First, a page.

Wednesday, December 13, 2006

The Southern Christian Leadership Conference will pray for WalMart to see the light

Now, this is interesting. Usually, America is inundated with Christians claiming that WalMart is A-OK in their book because of their new-found willingness to shout "Merry Christmas" at their customers (see original deision here), or their initial refusal to sell Plan-B in their pharmacy (they have since come to their senses). Today, we see that the tides have turned. It turns out that many Christian organizations are shunning WalMart because of their unfair business policies:
Local Community & Faith-Based Leaders Will Call on all Americans to 'Pray for Wal-Mart to Change for the Better, This Holiday Season'

RICHMOND, Va., Dec. 13 /PRNewswire/ -- Local citizens, community activists, and faith-based leaders will hold a day of prayer and candlelight vigil at the Brook Road, Richmond, VA Wal-Mart Thursday, December 14, 2006, at 5:30 p.m. as part of a powerful new faith-based campaign that launches nationwide today in over 40 cities.

At the Richmond, VA event, local citizens and leaders of faith will hold a special prayer calling on Wal-Mart and CEO Lee Scott to do what is right this holiday season, end the company's anti-family policies and immoral business practices by Christmas Day, and change for the better.

Faith-based leaders and concerned supporters, including many children and families, will also light candles on behalf of the 1.39 million Wal-Mart employees and their families in the hope that Wal-Mart will see the light this holiday season and finally change into a more responsible employer. Supporters will also be distributing flyers to local citizens in the area asking them, "Are Wal-Mart's values your values?"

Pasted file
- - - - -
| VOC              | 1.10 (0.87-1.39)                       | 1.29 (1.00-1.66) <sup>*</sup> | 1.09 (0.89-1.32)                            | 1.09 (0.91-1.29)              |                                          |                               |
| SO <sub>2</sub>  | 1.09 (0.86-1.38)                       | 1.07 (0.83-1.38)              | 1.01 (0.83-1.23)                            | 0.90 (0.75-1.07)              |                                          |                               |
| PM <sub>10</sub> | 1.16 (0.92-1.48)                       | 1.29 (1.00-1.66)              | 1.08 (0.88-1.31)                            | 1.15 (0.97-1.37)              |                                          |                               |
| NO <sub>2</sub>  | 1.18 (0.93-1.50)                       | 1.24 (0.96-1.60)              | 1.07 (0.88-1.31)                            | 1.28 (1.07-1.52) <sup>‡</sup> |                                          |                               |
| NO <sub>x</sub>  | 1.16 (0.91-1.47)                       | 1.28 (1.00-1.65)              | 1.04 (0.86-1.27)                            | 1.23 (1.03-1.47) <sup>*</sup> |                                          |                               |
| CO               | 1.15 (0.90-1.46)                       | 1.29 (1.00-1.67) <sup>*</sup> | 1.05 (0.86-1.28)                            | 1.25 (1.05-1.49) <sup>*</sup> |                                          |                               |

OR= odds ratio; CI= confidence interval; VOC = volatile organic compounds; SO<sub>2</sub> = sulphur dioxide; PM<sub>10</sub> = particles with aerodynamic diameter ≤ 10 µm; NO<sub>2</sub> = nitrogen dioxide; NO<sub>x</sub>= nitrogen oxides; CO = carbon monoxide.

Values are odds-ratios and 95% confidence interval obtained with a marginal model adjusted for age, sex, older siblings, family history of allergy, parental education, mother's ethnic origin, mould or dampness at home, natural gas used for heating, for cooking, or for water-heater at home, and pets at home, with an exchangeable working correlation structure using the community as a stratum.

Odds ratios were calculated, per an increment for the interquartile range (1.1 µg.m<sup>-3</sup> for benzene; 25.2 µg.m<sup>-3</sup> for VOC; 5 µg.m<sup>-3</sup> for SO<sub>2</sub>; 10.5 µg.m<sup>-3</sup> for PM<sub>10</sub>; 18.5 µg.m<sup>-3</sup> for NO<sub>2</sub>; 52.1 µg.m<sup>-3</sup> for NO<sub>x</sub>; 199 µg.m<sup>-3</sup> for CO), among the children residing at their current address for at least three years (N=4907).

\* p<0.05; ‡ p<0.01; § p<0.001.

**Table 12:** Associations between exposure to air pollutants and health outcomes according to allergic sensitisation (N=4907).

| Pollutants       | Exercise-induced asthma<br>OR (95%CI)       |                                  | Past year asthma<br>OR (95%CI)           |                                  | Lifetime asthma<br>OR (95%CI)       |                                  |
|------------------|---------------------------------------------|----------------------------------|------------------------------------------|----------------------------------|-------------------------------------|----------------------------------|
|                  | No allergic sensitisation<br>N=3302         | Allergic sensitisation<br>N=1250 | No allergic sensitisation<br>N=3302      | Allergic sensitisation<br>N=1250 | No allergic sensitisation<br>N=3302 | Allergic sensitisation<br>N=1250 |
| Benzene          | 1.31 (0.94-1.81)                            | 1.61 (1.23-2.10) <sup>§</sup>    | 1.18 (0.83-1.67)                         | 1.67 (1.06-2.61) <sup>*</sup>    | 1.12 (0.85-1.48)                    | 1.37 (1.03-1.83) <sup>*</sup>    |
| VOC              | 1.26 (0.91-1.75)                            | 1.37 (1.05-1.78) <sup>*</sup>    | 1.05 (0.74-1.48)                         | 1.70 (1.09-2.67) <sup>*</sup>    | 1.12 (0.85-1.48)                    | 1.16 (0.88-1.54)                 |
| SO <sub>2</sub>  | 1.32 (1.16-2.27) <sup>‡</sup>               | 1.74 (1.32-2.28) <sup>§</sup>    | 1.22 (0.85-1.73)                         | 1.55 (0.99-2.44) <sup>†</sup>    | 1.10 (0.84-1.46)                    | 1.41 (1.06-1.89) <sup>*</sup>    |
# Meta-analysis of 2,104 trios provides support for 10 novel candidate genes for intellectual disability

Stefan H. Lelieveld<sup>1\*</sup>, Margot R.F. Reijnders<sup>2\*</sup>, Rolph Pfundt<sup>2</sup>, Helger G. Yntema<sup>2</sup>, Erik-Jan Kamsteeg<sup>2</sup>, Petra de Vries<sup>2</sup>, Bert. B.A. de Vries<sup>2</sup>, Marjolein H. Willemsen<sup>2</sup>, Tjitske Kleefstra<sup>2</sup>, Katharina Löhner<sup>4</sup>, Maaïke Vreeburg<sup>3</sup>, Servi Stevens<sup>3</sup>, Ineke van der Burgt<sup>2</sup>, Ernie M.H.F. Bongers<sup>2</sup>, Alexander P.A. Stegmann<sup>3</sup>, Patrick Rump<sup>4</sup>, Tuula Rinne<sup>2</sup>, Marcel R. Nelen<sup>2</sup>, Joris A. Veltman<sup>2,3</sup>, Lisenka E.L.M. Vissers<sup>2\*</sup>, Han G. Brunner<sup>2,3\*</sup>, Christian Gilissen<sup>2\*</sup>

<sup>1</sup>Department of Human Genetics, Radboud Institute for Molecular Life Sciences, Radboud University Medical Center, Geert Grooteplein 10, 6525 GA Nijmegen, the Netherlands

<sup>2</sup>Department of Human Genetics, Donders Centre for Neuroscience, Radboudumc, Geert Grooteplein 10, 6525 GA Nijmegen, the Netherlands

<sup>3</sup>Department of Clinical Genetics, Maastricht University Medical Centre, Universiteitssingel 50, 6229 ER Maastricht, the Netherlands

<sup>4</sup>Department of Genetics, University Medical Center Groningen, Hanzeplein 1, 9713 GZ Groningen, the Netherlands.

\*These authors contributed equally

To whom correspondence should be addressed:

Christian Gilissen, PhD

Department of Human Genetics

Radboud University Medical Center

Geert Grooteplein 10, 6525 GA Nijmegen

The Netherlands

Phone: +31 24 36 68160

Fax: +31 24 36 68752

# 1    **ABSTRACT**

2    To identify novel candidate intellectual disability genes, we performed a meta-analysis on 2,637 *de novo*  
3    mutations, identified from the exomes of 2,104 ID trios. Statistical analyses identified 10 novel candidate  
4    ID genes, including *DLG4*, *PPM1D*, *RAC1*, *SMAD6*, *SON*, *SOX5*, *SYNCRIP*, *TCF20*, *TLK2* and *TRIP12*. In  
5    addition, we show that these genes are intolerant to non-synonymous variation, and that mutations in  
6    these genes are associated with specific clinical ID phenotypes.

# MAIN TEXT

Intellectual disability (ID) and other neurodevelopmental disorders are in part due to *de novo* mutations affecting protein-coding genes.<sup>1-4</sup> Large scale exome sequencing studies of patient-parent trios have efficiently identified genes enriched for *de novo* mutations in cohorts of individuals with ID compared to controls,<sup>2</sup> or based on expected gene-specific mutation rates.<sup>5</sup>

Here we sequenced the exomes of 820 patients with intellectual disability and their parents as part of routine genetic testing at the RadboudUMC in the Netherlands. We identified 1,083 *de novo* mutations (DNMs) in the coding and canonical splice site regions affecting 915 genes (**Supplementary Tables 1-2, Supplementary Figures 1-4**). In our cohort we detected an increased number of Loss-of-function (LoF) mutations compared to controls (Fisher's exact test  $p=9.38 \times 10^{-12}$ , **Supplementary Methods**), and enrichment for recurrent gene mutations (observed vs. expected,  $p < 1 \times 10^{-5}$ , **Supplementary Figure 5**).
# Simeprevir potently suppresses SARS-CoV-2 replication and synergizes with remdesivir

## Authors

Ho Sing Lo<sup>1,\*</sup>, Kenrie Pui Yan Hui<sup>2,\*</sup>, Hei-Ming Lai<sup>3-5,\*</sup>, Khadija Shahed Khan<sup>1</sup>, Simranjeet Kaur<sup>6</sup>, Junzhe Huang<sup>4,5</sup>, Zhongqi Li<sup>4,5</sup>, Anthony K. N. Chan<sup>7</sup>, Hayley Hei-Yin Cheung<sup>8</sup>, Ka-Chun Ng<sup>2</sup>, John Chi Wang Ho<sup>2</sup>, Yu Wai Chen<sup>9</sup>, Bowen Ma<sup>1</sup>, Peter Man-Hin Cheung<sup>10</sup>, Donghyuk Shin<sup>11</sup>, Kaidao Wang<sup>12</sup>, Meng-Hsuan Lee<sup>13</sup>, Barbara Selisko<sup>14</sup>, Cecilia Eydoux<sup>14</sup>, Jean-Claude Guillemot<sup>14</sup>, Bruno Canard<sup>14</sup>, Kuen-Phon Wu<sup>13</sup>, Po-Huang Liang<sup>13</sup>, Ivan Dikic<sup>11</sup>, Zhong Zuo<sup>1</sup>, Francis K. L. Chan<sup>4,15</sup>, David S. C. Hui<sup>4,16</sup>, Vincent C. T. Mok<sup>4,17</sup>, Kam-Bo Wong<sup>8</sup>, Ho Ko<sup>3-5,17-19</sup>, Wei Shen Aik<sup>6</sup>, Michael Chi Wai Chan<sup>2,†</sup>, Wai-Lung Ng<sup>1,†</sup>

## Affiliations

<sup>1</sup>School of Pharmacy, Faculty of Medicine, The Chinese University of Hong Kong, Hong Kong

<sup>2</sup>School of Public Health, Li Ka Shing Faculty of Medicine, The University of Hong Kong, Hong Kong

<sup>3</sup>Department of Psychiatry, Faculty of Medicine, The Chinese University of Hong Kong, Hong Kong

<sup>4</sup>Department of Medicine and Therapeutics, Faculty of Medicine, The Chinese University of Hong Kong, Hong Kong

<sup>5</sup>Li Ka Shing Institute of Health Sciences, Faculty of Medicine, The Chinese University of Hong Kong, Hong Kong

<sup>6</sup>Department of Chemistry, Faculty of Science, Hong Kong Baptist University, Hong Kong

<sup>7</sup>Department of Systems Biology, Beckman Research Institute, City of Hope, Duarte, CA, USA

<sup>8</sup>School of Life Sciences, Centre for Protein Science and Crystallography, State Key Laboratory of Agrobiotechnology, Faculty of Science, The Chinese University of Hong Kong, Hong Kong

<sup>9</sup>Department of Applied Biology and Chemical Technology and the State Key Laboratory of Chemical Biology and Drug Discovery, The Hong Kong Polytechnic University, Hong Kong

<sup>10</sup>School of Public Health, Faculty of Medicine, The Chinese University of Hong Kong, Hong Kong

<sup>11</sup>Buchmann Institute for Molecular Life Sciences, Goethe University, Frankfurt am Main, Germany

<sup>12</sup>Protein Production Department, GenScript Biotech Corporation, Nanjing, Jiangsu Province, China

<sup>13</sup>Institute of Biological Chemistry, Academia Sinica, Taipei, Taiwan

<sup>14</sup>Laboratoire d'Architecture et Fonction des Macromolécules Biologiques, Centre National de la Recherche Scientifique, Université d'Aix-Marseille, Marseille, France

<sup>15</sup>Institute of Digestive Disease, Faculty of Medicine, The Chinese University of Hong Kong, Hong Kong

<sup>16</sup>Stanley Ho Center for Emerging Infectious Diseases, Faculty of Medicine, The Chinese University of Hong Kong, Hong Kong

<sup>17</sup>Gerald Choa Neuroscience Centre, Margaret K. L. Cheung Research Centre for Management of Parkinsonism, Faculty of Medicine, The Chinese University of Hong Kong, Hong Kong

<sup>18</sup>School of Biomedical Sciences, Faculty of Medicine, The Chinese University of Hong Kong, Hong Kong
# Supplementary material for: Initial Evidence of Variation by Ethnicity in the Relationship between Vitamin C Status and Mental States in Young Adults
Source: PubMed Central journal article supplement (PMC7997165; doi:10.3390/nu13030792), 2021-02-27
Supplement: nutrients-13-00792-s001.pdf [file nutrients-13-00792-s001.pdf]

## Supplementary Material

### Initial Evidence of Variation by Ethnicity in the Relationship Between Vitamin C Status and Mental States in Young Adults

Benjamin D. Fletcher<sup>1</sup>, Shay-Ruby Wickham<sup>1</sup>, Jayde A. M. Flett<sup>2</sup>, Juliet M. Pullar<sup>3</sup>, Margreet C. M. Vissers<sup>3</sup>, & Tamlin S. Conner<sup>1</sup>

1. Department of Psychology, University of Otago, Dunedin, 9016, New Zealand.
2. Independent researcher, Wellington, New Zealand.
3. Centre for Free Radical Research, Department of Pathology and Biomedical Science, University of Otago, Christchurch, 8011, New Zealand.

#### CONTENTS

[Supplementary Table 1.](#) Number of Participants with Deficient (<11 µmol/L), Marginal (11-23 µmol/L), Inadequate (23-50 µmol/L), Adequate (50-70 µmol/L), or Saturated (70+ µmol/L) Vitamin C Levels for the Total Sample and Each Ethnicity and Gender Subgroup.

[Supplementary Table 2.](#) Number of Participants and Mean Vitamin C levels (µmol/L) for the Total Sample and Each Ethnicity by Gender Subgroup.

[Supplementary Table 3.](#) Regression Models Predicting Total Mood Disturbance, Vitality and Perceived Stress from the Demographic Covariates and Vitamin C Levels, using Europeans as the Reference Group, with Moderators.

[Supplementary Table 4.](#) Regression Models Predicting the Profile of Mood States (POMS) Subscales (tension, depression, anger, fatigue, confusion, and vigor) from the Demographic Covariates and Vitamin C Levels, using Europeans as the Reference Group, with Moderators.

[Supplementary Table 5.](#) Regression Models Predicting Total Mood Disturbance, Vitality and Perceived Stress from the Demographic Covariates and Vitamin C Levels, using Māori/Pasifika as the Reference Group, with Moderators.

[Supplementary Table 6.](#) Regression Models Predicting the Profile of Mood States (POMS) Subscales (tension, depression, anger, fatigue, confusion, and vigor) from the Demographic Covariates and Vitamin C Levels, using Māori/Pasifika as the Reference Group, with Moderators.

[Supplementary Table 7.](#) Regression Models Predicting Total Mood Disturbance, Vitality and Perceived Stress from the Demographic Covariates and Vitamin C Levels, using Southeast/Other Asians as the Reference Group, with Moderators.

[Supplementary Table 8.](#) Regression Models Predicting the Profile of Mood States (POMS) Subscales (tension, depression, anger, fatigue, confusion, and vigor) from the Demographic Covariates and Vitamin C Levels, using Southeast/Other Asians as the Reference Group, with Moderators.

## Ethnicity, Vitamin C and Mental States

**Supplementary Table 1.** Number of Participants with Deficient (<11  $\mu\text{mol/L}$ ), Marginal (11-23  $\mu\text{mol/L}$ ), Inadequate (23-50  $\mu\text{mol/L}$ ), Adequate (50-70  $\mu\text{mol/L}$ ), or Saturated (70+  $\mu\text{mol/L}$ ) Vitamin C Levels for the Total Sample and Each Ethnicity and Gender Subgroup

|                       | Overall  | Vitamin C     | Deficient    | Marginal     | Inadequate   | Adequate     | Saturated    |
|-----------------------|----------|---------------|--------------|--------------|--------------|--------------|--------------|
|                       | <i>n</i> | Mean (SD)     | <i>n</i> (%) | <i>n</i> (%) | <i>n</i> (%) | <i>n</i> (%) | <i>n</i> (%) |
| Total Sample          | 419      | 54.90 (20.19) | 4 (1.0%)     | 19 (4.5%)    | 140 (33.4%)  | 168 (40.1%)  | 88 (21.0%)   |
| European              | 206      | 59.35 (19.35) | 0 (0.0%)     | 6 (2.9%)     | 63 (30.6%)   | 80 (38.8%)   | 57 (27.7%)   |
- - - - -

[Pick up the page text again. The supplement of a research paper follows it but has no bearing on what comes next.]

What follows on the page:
At the event, supporters will also be releasing a new 30-second TV ad, entitled "People of Faith." The new faith-based campaign ad is viewable at beginning Thursday and is part of's national 2006 "Hope for the Holidays" campaign.
Now, THAT'S a change, huh? Is it just me, or are Chrsitians finally acting...Chrsitian?

It'll be very interesting to see how this turns out. Will this get a lot of media coverage? Will WalMart be forced to change their ways? Will more people jump on the anti-walMart bandwagon?

We can only hope. But I consider this an early holiday gift, and I am sure WalMart employees are thankful as well.

The group should probably consider shunning this video game as well...
Liberal and progressive Christian groups say a new computer game in which players must either convert or kill non-Christians is the wrong gift to give this holiday season and that Wal-Mart, a major video game retailer, should yank it off its shelves.

The Campaign to Defend the Constitution and the Christian Alliance for Progress, two online political groups, plan to demand today that Wal-Mart dump Left Behind: Eternal Forces, a PC game inspired by a series of Christian novels that are hugely popular, especially with teens.

The series by Tim LaHaye and Jerry Jenkins is based on their interpretation of the Bible's Book of Revelation and takes place after the Rapture, when Jesus has taken his people to heaven and left nonbelievers behind to face the Antichrist.

Left Behind Games' president, Jeffrey Frichner, says the game actually is pacifist because players lose "spirit points" every time they gun down nonbelievers rather than convert them. They can earn spirit points again by having their character pray.